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A CurtainUp Review

The Flatted Fifth

The Flatted Fifth, is the much praised New Group's funny and often poignant second offering of the 1996-97 season ( CurtainUp' s review of the New Group's last play This Is Our Youth). Playwright Seth Zvi Rosenfeld's story, directed by Jo Bonney, centers on a young Jewish film maker, played by Danny Hoch, whose inner city accent and and multi-cultural relationships are in marked contrast to what most people expect of the son of two schoolteachers. Sonny is what one of the other characters calls a Jewish Home Boy, white on the outside but with a black inner core.

The dramatic action spans two years, moving back and forth between New York and Israel. New York is where his relationship with his black girl friend, Ninya, (Nicole Ari Parker), the ex-wife of his ex-best friend Ray, (Jose Garcia), a Puerto Rican poet is nearing a breaking point. The trip to Israel, part of a program for young creative people to publicize their work in Israel, is loaded with unexpected meetings and confrontations. When Sonny meets Ray, the poet friend he hadn't seen for two years, he invites him to come along to Israel. Ray shows up at the airport with his new girl friend Balu, (Sarita Choudhury), in tow. A super-inquisitive security woman, (Rebecca Cohen Alpert) who metamorphoses into Rifka, an Israeli television interviewer from Hell and another Israeli named Schlomo, ( David Deblinger), tickle Sonny's unresolved feelings about his Jewish identity and his mother's death.

Rifka, the interviewer, fires off a barrage of statements cloaked ever so thinly as questions. Some of these, like "You must be aware that you can't be half Jewish" and sarcastic references to "the Steven Spielberg Jews" finally drive Sonny to ask "Who do I have to date to get off this show?" Schlomo ruffles Sonny's mind set about his Jewishness more gently but no less incisively. When Sonny asks him what he'd think about his marrying a non-Jew, he answers "I'd think you were breaking 5000 years of history." He cout;nters Sonny's declaration that The Wall (at which his mother told him to pray) has never "talked to him" with "it's a quiet wall."

Danny Hoch, who has made his name as a solo performer in the Obie award winning Some People proves himself an adept ensemble player. The ensemble consists of five other actors, all talented and attractive. The two multiple role players, Rebecca Cohen Albert and David Deblinger are particularly good. Her star turn as the hostile interviewer is one of the evening's standout scenes, and his oh-so-typical Israeli is equally on target. Considering the size constraints of the Intar stage, designer Kevin Joseph Roach has worked magic in evoking the mood and setting of the many scenes The lighting by Traci Klainer-McDonnell is also effective, especially in the way it casts the final image in an aura of hopefulness.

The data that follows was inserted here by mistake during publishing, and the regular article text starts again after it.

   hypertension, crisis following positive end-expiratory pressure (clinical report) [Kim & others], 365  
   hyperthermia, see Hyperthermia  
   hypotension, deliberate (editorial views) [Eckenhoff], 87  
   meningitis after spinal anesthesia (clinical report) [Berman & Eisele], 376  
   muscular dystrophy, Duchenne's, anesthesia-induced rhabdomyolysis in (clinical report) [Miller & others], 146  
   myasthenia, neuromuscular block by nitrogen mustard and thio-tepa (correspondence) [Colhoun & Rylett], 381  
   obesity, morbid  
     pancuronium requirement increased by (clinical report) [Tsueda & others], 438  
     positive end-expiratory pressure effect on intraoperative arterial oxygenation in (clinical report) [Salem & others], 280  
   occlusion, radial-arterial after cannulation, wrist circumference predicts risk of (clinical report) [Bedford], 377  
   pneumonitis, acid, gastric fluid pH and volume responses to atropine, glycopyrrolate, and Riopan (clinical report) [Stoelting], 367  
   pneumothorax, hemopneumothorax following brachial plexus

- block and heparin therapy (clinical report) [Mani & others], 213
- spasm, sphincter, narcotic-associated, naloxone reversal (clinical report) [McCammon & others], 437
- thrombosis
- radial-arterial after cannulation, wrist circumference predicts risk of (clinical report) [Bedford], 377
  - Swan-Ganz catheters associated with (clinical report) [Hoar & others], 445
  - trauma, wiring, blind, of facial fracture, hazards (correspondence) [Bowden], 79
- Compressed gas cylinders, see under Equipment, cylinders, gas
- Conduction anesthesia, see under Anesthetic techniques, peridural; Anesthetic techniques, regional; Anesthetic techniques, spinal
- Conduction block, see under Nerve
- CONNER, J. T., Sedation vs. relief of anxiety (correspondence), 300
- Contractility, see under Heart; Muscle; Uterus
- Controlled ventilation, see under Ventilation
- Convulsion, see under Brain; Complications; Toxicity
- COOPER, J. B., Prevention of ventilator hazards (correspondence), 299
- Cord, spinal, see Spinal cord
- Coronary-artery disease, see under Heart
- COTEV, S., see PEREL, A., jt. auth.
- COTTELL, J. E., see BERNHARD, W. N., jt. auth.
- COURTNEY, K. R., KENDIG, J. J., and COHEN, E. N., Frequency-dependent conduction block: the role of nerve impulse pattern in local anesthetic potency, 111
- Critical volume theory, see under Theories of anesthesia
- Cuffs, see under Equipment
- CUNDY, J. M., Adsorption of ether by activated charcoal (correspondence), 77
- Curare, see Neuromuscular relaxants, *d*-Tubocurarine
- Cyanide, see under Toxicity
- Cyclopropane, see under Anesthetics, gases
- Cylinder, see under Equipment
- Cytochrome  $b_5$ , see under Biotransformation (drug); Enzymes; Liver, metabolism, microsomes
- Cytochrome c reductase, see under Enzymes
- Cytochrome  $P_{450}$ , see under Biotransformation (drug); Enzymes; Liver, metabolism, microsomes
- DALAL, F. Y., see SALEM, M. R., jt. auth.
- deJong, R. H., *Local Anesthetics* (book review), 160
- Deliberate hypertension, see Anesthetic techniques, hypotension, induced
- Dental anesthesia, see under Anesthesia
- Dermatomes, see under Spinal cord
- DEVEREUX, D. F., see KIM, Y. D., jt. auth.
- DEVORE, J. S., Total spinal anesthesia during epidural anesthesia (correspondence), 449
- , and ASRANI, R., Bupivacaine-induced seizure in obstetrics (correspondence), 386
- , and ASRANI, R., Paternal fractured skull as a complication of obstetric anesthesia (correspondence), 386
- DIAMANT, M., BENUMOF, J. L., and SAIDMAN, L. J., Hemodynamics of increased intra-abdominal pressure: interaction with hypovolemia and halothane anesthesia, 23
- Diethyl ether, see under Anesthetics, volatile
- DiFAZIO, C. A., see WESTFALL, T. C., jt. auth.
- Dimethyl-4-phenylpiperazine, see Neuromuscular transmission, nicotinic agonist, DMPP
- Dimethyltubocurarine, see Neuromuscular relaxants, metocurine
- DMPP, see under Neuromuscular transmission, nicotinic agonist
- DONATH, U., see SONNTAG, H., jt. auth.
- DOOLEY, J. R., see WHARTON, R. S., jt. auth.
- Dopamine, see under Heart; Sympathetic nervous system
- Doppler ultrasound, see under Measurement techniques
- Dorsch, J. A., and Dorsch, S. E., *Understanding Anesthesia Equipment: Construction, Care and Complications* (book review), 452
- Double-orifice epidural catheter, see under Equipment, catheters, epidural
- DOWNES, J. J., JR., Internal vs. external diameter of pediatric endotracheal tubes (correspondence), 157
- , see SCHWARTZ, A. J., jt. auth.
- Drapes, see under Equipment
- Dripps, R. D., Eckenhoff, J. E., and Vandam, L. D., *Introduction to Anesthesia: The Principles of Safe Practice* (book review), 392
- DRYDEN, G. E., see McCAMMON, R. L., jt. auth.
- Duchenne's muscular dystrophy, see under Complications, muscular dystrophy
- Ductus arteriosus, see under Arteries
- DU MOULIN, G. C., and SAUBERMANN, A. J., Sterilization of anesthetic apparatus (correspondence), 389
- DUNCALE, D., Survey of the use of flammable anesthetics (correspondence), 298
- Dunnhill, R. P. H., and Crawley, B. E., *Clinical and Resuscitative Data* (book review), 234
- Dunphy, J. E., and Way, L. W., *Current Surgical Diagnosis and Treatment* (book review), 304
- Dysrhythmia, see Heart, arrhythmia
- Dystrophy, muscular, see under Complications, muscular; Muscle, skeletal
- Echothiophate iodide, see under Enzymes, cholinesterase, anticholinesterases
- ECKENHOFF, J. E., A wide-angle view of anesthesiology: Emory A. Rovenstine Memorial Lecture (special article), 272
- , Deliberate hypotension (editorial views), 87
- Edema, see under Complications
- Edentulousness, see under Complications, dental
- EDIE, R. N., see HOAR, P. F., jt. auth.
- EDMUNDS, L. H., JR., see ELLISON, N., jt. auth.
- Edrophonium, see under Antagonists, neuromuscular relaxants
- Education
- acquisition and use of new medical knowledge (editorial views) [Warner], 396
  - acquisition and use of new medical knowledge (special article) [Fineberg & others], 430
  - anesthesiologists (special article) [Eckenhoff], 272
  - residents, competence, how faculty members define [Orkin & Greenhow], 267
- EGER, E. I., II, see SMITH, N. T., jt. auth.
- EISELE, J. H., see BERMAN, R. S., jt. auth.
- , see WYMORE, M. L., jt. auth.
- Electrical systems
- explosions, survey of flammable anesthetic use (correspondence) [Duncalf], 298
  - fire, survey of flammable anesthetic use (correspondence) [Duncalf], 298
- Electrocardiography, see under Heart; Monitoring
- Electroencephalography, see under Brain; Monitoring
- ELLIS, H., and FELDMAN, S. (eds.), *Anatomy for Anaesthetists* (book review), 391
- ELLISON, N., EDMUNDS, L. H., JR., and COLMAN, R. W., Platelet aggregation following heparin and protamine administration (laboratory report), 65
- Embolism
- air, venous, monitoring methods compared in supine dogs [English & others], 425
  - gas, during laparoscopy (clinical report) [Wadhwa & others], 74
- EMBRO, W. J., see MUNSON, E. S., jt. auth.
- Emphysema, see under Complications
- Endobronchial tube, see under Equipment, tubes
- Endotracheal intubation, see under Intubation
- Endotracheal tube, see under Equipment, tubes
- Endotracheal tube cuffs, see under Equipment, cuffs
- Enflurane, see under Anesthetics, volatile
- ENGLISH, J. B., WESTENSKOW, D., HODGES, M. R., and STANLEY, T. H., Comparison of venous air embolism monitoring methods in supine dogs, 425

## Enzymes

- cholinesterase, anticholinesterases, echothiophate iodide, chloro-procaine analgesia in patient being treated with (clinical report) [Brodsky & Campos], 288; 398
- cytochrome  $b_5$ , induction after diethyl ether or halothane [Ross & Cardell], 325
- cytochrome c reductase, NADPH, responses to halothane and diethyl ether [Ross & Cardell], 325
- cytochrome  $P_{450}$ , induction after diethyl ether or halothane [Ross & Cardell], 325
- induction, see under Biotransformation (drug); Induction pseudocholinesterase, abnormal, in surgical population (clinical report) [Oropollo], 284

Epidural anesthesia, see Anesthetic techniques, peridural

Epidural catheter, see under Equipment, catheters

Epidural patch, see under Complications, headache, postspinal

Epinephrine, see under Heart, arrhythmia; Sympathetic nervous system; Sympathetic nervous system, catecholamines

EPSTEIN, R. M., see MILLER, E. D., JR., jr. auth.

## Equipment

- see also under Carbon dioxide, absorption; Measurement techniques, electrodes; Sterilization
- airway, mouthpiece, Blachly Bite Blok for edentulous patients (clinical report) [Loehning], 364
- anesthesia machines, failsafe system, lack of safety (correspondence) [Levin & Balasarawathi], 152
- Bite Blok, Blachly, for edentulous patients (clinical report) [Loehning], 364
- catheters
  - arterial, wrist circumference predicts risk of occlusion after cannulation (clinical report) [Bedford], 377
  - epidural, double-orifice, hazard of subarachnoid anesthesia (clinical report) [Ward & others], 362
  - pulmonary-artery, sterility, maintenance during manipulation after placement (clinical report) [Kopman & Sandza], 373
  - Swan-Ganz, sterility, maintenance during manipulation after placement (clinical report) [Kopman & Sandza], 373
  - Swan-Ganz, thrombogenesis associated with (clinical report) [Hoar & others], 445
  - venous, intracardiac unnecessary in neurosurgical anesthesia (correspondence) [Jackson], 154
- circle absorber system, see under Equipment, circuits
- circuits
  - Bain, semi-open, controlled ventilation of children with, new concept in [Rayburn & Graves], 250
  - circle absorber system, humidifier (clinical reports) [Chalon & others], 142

Before you interpret all the above as a win-win-win dramatic situation, a few caveats. Seth Zvi Rosenfeld is clearly a playwright who has something worth saying, and a talent for dialogue that blends humor with emotion. And The Flatted Fifth could be a very good play, instead of an enjoyable evening which in the final analysis leaves the audience with too many inconsistencies and loose endings. To name just a few:
  • The musical explanation of the title falls a mile short of clarity, especially since the horn that prompts the play's explanation seems irrelevant to anything else that is going on. If this title served as a really meaningful metaphor one could live with its being hard to pronounce and oddly unappealing. As it is, a name change would not be out of order.

  • While Sonny's choice of women to love is understandable, his attraction to his friend's women is less clear. One of these women, Balu--or Babaloo, as Sonny at first insists on calling her-- while an interesting and amusing addition to the cast of characters, never really evolves as a fully fleshed out person.

  • According to an article that came with our press kit, the playwright has apparently been rewriting throughout the rehearsals. If he keeps working on the script, he may get this right enough to make it the very good play it deserves to be.

    ©right February 1997, Elyse Sommer, CurtainUp. Information from this site may not be reproduced in print or online without specific permission from

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